Steve Bannon; Donald Trump (AP/Brynn Anderson/Getty/Saul Loeb)

Michael Wolff’s tell-all may not be super reliable, but it’s juicy enough

A look inside a deeply inexperienced campaign, a rough transition and months of disorder in the Oval Office


follow us in feedly
Charlie May
January 3, 2018 8:51pm (UTC)

President Donald Trump reportedly never thought it would be possible he could win the presidential election, and his closest campaign officials didn't believe he could do it either.

In another bombshell Michael Wolff report, this time in New York Magazine, the author of the upcoming book "Fire and Fury: Inside the Trump White House" detailed the final moments of the Trump campaign on election night, and the shock amongst his closest advisers, including former White House chief strategist Steve Bannon:

Even though the numbers in a few key states had appeared to be changing to Trump’s advantage, neither [Kellyanne] Conway nor Trump himself nor his son-in-law, Jared ­Kushner — the effective head of the campaign — ­wavered in their certainty: Their unexpected adventure would soon be over. Not only would Trump not be president, almost everyone in the campaign agreed, he should probably not be.

As the campaign came to an end, Trump himself was sanguine. His ultimate goal, after all, had never been to win. “I can be the most famous man in the world,” he had told his aide Sam Nunberg at the outset of the race. His longtime friend Roger Ailes, the former head of Fox News, liked to say that if you want a career in television, first run for president. Now Trump, encouraged by Ailes, was floating rumors about a Trump network. It was a great future. He would come out of this campaign, Trump assured Ailes, with a far more powerful brand and untold opportunities.

The bombshell followed an excerpt in The Guardian, one which reported that Bannon had seemed to sour on the Trump administration and was starting to throw bombs.

The reports, taken together, show that Wolff certainly had a wide range of seemingly unprecedented press access inside Trump's circle from the night of the election through October of his first year in office. Wolff said he conducted over 200 interviews with top officials in the White House and transition team and said he was "more a constant interloper than an invited guest," according to the magazine.

"There were no ground rules placed on his access, and he was required to make no promises about how he would report on what he witnessed," a note which detailed how Wolff had gathered his information for months on end. "Shortly after Trump’s inauguration, Wolff says, he was able to take up 'something like a semi-permanent seat on a couch in the West Wing' — an idea encouraged by the president himself."

So far Trump has not disputed much any of the specifics, but much of the information is damning of Trump, as well as his supporting cast in the White House, and how their inexperience led to a chaotic first year in office. But some of the reporting has been called into question, specifically a few different exchanges that seem a bit far-fetched.

Republican policy analyst Sam Nunberg, for example, was reportedly tasked with teaching Trump about the U.S. Constitution.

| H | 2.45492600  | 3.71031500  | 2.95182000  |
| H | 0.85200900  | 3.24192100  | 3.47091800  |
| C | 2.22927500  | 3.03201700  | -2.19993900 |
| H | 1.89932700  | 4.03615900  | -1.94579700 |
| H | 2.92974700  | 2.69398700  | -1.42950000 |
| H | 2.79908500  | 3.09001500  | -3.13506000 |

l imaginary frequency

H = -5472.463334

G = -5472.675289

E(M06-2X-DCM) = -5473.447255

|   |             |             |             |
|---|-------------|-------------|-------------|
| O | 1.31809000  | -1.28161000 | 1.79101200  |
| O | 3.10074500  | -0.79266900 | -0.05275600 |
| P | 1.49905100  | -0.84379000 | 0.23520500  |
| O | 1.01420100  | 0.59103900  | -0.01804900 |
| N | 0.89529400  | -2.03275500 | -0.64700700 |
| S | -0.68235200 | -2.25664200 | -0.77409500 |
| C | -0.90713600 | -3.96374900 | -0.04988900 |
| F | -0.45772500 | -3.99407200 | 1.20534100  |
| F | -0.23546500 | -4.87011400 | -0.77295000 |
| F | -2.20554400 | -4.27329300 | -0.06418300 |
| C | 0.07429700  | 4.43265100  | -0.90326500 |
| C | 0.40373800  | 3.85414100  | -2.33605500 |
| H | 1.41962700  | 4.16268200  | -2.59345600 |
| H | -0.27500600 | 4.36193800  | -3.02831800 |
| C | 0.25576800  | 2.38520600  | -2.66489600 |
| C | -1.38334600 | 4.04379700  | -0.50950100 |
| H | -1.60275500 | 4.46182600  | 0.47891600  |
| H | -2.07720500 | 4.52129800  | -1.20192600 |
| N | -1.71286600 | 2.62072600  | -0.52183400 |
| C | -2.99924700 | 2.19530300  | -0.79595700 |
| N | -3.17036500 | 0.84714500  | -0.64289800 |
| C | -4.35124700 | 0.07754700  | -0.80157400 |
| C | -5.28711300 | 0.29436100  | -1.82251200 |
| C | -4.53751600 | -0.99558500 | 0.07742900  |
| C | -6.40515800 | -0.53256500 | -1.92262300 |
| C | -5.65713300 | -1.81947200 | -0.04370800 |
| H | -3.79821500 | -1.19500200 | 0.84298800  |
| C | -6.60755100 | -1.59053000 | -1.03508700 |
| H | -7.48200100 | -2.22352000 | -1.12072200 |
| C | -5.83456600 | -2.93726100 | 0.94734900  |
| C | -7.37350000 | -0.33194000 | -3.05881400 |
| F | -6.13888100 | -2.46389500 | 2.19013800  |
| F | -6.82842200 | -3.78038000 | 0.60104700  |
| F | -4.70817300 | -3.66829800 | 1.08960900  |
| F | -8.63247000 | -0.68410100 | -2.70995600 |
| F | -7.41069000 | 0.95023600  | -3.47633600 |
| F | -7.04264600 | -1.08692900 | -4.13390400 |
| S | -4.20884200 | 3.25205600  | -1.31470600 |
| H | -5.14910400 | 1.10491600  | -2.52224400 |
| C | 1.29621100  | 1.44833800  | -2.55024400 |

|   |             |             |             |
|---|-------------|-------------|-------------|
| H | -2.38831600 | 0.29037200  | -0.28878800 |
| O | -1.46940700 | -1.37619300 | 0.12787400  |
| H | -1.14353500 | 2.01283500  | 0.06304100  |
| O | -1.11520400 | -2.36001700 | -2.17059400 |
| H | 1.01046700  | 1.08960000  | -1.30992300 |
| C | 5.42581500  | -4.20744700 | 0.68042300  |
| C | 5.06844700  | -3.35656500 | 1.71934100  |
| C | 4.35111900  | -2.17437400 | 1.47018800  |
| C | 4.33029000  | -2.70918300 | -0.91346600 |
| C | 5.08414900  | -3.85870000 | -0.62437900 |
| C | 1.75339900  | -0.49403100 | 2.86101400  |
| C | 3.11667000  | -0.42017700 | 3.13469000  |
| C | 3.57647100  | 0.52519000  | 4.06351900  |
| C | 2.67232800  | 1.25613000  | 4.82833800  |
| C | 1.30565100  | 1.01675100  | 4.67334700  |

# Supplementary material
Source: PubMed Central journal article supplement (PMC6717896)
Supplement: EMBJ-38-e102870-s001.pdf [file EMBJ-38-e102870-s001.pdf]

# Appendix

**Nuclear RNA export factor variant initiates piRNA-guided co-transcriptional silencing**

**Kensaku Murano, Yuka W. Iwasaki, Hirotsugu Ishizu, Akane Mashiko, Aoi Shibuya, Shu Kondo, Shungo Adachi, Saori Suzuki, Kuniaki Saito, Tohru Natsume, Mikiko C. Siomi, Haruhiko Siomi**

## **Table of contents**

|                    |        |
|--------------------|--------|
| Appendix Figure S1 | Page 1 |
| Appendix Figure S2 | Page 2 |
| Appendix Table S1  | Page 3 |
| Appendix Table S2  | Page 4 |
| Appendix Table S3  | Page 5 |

"I got as far as the Fourth Amendment," Nunberg told New York Magazine, "before his finger is pulling down on his lip and his eyes are rolling back in his head."

During the transition period, the now-deceased former Fox News head Roger Ailes suggested to Trump that his eventual chief of staff should be someone with knowledge of how Washington runs.

"You need a son of a bitch as your chief of staff," Ailes said, New York Magazine reported. "And you need a son of a bitch who knows Washington. You’ll want to be your own son of a bitch, but you don’t know Washington."

Ailes suggested former Republican House Speaker John Boehner would be a good fit, and Trump replied, "Who’s that?"

However, it's important to note that Trump had previously acknowledged, on several occasions, who Boehner was.

In one exchange with media mogul Rupert Murdoch, he had advised Trump against taking a more liberal approach on H1-B visas. After their phone conversation, Murdoch called Trump a "f**king idiot," according to New York Magazine.

The ongoing Russia scandal was also reportedly discussed by Ailes and Bannon.

"What has he gotten himself into with the Russians?" Ailes asked Bannon.

"Mostly, he went to Russia and he thought he was going to meet Putin. But Putin couldn’t give a shit about him. So he’s kept trying," Bannon replied.

The two also questioned Trump's closeness with Murdoch, and whether or not he was someone he was just taking orders from.

New York Magazine elaborated:

Since his ouster from Fox over allegations of sexual harassment, Ailes had become only more bitter toward Murdoch. Now Murdoch was frequently jawboning the president-elect and encouraging him toward Establishment moderation. Bannon wanted Ailes to suggest to Trump, a man whose many neuroses included a horror of senility, that Murdoch might be losing it.

Both reports give indication that Wolff's upcoming book will be filled with explosive tidbits and exchanges that should nonetheless be taken with a grain of salt. But it does mean that 2018 is off to an explosive start. And these reports, based on reactions, are indicating that the 2017 fallout may last through the year.


Charlie May

Charlie May is a news writer at Salon. You can find him on Twitter at @charliejmay

MORE FROM Charlie May

BROWSE SALON.COM
COMPLETELY AD FREE,
FOR THE NEXT HOUR

Read Now, Pay Later - no upfront
registration for 1-Hour Access

Click Here
7-Day Access and Monthly
Subscriptions also available
No tracking or personal data collection
beyond name and email address

•••






Fearless journalism
in your inbox every day

Sign up for our free newsletter

• • •